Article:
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From: Fred Friedman (FRIEDMAN.FRED@EPA.GOV)
Date: Thu Apr 08 1999 - 12:25:51 EDT


Date: Thu, 8 Apr 1999 12:25:51 -0400 (EDT)
From: FRIEDMAN.FRED@EPA.GOV (Fred Friedman)
Subject: Re:  Re: Recycling treated wood (Phil Bradshaw)

April 8, 1999

Dear Phil Bradshaw,

I think that we share many of the same concerns here. I too, when I first learned that it was suddenly all right to recycle chemically preserved wood, had your reaction: but, but, but, what about its potential involvement with:
- food
- children
- sustained interior exposures
- uses in other countries with less tyrannical environmental regulatory environments
- worker health and safety in processing

I was somewhat mollified by the following:

 Current environmental regulations restrict the use of wood preserved with penta and creosote from use in residential, industrial, and commercial interiors, except as laminated beams or building components that are in ground contact and subject to decay or insect infestation and where there are two coats of an approriate sealer applied. In addition, penta-treated wood should not be used where it will be in contact with the skin unless an effective coating has been applied to the wood. Wood that is treated with inorganic arsenicals can be used in building interiors, but not where it can be in contact with food. Thus, options for recycling preservative-treated wood are highly dependent on the type of treatment and use they will receive.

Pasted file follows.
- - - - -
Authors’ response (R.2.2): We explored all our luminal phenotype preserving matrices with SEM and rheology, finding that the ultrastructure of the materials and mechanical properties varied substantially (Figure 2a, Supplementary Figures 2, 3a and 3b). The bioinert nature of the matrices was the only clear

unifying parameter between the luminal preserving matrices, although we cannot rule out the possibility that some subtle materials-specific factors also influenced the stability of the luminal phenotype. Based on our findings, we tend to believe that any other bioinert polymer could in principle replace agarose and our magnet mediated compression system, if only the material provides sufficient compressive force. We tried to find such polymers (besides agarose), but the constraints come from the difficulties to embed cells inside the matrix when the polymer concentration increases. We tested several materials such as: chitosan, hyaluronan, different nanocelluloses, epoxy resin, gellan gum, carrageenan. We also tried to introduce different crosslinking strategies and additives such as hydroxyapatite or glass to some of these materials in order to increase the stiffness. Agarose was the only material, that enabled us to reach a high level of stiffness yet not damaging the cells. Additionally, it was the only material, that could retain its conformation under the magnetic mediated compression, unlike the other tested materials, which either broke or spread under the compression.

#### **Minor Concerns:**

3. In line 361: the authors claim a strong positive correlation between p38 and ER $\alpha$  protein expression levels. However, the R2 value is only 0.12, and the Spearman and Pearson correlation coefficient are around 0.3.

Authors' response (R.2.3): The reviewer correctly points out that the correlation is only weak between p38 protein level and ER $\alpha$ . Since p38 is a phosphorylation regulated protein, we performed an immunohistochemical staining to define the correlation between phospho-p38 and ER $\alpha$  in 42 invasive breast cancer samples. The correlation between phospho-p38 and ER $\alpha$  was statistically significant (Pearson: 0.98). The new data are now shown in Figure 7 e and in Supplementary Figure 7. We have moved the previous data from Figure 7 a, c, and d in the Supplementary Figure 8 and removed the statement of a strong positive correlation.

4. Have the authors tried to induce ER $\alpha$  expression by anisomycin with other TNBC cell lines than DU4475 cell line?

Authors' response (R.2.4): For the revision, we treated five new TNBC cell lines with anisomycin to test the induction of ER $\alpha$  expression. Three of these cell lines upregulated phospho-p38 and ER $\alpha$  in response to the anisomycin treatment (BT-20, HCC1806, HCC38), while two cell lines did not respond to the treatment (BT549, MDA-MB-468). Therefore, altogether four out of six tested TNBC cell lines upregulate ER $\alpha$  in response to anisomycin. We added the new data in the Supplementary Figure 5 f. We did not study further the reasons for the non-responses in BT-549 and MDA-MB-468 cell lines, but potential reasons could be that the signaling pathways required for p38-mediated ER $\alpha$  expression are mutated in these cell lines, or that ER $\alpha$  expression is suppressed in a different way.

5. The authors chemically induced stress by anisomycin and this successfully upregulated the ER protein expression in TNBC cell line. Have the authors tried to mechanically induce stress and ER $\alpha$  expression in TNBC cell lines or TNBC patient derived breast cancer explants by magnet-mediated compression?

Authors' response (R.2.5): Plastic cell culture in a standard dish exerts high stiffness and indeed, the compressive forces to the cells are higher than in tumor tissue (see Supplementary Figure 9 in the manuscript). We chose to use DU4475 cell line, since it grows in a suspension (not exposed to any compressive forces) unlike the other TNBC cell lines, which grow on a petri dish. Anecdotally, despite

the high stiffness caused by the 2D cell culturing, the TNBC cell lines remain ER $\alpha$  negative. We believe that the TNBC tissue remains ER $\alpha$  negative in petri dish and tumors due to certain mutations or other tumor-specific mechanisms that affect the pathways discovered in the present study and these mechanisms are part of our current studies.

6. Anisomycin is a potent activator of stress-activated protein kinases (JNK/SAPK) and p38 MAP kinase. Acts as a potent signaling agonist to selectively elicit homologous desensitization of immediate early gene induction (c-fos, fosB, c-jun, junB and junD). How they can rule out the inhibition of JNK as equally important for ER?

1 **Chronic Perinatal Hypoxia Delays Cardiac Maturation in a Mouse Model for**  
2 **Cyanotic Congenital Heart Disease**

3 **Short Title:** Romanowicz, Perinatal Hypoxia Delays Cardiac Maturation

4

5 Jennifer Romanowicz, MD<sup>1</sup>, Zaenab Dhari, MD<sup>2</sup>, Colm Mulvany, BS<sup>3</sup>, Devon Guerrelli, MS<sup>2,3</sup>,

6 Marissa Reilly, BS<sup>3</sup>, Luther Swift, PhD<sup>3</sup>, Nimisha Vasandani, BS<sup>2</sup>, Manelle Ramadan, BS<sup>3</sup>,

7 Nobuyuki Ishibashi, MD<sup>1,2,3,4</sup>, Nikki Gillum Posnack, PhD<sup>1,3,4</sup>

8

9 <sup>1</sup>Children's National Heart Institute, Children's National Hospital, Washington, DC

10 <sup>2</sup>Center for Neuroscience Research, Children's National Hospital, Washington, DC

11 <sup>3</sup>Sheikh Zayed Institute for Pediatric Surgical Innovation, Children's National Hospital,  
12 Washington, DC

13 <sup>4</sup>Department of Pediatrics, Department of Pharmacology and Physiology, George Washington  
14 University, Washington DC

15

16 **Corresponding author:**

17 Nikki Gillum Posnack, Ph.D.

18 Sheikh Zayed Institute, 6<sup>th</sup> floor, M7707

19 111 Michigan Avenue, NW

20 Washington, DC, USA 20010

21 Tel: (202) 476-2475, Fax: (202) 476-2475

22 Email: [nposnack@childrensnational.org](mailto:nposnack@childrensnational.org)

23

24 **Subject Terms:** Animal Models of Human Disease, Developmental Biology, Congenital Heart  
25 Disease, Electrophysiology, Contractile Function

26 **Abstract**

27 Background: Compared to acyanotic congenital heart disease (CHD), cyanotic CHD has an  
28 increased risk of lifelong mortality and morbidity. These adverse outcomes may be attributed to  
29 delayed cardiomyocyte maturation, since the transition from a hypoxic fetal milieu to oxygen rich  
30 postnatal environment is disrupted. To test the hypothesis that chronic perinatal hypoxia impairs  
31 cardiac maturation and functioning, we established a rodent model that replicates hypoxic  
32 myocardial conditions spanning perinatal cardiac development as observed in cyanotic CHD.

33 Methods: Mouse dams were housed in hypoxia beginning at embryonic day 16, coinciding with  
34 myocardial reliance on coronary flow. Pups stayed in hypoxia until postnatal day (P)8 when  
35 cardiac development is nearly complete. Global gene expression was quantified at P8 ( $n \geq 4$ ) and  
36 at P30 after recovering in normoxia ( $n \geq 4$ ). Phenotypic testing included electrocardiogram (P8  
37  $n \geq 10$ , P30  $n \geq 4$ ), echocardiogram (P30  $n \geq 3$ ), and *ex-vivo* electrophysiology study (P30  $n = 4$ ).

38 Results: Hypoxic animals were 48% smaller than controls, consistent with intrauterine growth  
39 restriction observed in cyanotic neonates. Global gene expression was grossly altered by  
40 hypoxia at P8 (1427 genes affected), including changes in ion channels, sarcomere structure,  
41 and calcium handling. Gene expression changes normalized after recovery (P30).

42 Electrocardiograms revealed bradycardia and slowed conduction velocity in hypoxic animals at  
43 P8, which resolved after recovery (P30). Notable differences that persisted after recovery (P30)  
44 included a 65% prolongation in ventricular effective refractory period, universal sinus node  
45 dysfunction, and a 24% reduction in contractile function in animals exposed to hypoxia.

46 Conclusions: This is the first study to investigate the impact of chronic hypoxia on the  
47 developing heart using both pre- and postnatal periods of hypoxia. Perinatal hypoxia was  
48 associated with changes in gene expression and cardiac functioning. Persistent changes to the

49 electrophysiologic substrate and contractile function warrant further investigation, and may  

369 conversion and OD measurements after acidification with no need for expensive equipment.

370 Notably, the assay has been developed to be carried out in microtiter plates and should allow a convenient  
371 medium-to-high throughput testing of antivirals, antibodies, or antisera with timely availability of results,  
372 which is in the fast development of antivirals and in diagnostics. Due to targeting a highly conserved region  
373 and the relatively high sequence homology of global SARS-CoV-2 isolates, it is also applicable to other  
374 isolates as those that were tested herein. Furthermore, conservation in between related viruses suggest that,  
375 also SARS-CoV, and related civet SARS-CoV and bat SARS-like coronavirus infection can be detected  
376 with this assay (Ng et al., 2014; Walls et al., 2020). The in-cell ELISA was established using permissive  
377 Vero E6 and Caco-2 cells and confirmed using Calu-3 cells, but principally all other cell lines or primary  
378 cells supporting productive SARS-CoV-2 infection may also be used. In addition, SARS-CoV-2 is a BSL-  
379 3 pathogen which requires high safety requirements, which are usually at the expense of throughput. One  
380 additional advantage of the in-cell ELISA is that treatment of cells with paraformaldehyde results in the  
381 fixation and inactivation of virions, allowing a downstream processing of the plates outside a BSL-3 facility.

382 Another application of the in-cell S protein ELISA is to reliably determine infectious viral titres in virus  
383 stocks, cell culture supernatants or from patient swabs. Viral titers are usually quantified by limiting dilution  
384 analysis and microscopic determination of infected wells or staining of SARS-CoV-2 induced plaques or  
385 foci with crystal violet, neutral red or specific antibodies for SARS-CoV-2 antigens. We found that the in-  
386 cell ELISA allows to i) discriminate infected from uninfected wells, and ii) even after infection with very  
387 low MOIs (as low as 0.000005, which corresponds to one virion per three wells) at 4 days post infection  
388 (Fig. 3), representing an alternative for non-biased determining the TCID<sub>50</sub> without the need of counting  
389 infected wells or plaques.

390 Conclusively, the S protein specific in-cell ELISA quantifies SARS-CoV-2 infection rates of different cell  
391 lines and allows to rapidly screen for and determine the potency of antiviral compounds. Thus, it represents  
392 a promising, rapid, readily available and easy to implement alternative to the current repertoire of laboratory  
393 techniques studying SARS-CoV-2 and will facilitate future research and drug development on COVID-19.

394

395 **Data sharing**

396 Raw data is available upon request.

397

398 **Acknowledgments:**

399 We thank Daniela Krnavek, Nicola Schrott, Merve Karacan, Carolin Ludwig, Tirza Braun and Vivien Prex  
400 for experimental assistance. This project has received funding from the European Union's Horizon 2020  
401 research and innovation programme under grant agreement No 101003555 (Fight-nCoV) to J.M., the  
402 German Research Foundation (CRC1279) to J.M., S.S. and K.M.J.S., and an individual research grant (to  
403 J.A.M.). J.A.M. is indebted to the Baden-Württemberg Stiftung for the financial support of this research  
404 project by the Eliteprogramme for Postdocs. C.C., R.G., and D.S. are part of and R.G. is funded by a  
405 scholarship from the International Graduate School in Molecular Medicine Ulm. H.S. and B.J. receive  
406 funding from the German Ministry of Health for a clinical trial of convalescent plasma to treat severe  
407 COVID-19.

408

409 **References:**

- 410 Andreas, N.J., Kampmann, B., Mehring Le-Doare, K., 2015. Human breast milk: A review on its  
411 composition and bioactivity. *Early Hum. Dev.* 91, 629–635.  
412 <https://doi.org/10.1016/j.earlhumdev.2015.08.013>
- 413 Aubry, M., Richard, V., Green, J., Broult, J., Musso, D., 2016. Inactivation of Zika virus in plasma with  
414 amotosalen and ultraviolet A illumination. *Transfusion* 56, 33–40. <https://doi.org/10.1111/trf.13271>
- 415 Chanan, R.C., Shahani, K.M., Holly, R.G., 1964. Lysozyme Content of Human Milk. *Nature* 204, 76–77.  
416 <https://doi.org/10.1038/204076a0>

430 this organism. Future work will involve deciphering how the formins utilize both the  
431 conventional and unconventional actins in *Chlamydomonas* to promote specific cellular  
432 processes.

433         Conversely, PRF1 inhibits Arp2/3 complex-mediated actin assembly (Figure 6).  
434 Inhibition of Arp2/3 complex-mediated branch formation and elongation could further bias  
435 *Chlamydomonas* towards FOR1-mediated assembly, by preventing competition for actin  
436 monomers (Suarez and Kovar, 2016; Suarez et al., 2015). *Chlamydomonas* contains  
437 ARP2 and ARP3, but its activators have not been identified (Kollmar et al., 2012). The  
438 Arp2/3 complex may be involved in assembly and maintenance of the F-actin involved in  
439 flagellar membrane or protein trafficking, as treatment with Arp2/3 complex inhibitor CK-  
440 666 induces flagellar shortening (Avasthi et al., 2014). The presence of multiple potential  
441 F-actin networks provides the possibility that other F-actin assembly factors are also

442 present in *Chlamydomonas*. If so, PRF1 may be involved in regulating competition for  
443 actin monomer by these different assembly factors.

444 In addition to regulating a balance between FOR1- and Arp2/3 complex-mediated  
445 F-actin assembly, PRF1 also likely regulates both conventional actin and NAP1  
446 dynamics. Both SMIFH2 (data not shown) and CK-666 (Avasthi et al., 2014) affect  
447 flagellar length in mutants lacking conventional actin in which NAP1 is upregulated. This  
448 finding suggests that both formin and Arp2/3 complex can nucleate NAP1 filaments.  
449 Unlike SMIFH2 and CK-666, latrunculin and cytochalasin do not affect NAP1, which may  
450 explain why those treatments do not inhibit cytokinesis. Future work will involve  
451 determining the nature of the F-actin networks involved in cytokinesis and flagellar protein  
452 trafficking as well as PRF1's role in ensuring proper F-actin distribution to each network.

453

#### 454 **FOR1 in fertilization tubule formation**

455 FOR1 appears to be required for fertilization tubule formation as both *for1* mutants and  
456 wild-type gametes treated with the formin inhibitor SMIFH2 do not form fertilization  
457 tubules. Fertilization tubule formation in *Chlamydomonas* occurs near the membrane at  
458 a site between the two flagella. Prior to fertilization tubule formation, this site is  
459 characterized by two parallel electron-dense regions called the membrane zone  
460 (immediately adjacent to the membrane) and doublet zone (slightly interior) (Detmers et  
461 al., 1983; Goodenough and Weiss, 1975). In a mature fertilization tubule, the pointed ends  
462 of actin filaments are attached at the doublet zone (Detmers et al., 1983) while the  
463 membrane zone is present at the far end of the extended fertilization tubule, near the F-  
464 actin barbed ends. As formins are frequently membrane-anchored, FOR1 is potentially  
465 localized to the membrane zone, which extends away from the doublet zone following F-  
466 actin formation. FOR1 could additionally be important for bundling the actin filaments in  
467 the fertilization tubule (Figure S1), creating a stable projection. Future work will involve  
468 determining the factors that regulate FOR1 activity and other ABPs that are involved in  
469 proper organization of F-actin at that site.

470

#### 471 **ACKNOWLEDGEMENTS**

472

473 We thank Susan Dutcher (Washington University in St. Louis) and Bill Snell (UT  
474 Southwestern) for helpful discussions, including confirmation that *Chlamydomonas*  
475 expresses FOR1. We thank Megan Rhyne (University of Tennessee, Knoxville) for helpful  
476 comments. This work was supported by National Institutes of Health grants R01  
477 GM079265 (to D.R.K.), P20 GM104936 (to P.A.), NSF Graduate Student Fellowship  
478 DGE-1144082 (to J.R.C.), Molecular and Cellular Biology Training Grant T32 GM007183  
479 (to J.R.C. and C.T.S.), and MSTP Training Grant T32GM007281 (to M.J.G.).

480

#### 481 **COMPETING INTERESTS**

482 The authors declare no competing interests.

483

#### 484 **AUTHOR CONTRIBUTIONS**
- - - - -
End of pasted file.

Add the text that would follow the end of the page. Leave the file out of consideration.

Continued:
But how are the standards to be enforced?

Well, the Food Drug Administration enforces reported problems of materials such as this coming into contact with food.
The Occupational Health Safety Administration has standards concerning how any pressure treated wood, manufactured or recycled may be handled.
US Dept. of HUD has standards for use in construction and interior spaces.
And concerning export, manifests must show what the materials being exported are, including any environmental problems.

I think that the answer is, recycling is the best treatment option if you are going to have to manage preserved wood when it becomes waste, unless you can come up with an alternative to its manufacture in the first place.

Let me refer you to the document that I think covers available alternatives best:

 Spent Pressure Treated Wood: An Analysis of Management Options by Carter Fahy, Michael Gitten, Dept. of Civil Environmental Enginnering, Tufts Universtiy, published by NEWMOA, (circa 1993).

I confess, that this answer is not the one I'd prefer to give myself or yourself. However, since most environmental rules at the present point to the stuff being 'not hazardous wwaste', it needs to be managed as solid waste, and recycling it is still the best alternative.

- Research Library for RCRA



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